On Pogrom Night on November 9, 1938, the synagogue was burnt, as documented by the historian Wolfgang Wilhelmus. A day later, on November 10th, NS officials reported that the windows of a Jewish-owned shop had been smashed. During the entire Nazi era, Torgelow's few Jews were harassed, persecuted and forced to leave for other German cities. Some emigrated to Palestine, Belgium, South America and Shanghai. Julius Gronemann moved to Stettin, from where he was deported. On his last postcard to his children he wrote: "We'll be deported to Poland and we know our destiny." At least four local Jews were murdered in Auschwitz-Birkenau and apparently in other Nazi concentration camps in the eastern Europe.

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This entry was originally published on Beit Ashkenaz - Destroyed German Synagogues and Communities website and contributed to the Database of the Museum of the Jewish People courtesy of Beit Ashkenaz.

Neubrandenburg

A city and capital of the Mecklenburgische Seenplatte district in Mecklenburg-Vorpommern, Germany.

First Jewish presence: early 1400s; peak Jewish population: 100 in 1900; Jewish population in 1933: 34

Neubrandenburg’s medieval Jewish community was expelled from the town in 1492. Jews tried to return to Neubrandenburg in the early 1700s, but to no avail. Finally, in 1800, the village elders allowed Jews to settle permanently in the town, on condition that they pay a head tax for each Jew; the tax was levied on every individual as well as on his/her belongings. It was not until 1860 that local Jews were permitted to establish an official community, build a synagogue and consecrate a cemetery. The community’s first synagogue was small, but a larger house of worship was built in 1876 and inaugurated in 1877. Neubrandenburg Jews also founded and maintained a school. Beginning in 1937, when anti-Semitism became rampant in Neubrandenburg, Jews started to leave the town in large numbers, so that only 15 Jews lived there by 1938. On Pogrom Night (Nov. 9, 1938), the synagogue was ransacked and set on fire; the arch above the entrance to the cemetery was also torched. A memorial plaque was unveiled at the synagogue site in 1988; as of this writing, the municipality is considering a more elaborate memorial.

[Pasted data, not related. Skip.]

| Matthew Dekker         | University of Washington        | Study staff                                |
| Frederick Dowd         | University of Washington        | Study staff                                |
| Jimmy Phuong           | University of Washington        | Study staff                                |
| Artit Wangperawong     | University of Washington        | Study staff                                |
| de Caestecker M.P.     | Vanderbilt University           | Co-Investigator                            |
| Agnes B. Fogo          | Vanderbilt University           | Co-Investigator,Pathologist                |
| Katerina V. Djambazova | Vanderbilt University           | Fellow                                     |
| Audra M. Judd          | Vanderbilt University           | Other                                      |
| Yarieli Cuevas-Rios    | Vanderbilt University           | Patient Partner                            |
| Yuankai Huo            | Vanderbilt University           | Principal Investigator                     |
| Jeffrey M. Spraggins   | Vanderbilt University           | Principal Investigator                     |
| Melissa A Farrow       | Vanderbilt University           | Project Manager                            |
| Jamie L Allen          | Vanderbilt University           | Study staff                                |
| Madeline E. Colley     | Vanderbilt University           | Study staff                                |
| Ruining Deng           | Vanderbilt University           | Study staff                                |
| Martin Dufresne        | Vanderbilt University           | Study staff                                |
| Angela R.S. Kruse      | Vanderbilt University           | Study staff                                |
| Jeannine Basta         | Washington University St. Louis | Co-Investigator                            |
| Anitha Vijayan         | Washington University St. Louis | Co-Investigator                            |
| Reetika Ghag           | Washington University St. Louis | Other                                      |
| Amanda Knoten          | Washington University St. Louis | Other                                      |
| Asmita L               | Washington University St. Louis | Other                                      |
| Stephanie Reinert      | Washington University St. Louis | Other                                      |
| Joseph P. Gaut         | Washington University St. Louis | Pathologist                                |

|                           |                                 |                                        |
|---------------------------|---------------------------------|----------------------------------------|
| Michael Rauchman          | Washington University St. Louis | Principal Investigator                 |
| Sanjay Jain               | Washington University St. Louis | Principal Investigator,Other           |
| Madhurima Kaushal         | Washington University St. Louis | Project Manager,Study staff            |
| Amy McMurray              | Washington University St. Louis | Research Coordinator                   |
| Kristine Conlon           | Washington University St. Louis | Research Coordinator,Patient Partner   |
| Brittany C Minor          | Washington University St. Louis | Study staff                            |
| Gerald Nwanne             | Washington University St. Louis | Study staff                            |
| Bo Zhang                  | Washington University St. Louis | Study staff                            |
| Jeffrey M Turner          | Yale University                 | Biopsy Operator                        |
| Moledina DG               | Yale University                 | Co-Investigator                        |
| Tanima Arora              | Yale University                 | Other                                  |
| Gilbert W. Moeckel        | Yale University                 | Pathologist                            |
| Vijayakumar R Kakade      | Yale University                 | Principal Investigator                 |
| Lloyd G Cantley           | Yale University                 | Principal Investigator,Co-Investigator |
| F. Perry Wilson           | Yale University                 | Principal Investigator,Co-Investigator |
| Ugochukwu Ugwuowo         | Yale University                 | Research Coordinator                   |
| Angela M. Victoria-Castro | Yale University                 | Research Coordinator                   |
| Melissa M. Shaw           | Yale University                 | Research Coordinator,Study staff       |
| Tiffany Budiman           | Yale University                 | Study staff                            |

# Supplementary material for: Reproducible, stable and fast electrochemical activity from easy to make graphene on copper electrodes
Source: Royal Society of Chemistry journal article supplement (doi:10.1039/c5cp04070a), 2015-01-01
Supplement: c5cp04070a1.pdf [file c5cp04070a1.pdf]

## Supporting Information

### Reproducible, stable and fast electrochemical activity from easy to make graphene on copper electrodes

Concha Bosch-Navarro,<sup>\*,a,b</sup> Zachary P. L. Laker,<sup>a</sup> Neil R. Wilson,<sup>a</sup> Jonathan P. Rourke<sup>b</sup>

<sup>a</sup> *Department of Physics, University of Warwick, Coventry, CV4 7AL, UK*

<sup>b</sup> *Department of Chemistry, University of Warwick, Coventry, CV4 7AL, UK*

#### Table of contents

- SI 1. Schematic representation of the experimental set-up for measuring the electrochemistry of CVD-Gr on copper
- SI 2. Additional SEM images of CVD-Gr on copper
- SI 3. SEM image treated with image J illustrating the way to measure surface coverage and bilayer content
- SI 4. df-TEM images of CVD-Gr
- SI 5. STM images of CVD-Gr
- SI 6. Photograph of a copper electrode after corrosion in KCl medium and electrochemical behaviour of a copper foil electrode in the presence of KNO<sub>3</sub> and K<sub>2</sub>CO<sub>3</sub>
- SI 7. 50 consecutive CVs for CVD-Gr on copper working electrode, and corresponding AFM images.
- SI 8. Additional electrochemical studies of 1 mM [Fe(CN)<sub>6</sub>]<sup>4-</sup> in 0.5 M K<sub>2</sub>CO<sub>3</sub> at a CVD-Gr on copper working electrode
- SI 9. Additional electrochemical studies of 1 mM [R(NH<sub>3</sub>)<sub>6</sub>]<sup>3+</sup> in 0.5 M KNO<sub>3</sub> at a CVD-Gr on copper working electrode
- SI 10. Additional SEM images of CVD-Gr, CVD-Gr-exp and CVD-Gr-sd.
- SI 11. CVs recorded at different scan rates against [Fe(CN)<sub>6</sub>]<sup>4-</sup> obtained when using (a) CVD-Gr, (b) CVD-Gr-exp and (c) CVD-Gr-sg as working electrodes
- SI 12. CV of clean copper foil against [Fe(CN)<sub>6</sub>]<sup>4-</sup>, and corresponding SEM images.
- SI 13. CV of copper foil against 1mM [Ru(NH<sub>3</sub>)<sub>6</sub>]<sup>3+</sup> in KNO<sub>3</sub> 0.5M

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This entry was originally published on Beit Ashkenaz - Destroyed German Synagogues and Communities website and contributed to the Database of the Museum of the Jewish People courtesy of Beit Ashkenaz.

Stralsund

A city in Mecklenburg-Western Pomerania, Germany.

First Jewish presence: mid 1400s; peak Jewish population: 172 in 1797; Jewish population in 1933: 160

The city of Stralsund, founded in the mid-1200s, quickly developed into the most prosperous city in northern Germany. Although Jews were allowed to conduct business in Stralsund, they were forbidden to live in the city. By the mid-1400s, however, Jews had been granted permission to live in Stralsund, albeit in ghettos; this medieval community lived on the Judengasse (“Jews’ alley”), where they consecrated a prayer room. As was the case in towns all over Germany, the Jewish community was expelled from Stralsund in 1492.

In 1757, the modern Jewish community was established, numbering 35 Jews in 1766 and 119 in 1784. Thirty years later, in 1786/87, a newly-built, beautiful synagogue consisting of 200 seats was dedicated in the backyard at 69 Langenstrasse. It was the very first synagogue in Mecklenburg-West Pomerania. Attached to the synagogue was a mikvah (ritual bath). In 1913, the synagogue was completely rebuilt. At its inauguration on September 16, 1913, Stralsund's mayor Ernst August Friedrich Gronow addressed his greetings to the Jewish community, "… that our Jewish fellow citizens may live with their Christian fellow citizens in peace and harmony in this city as before."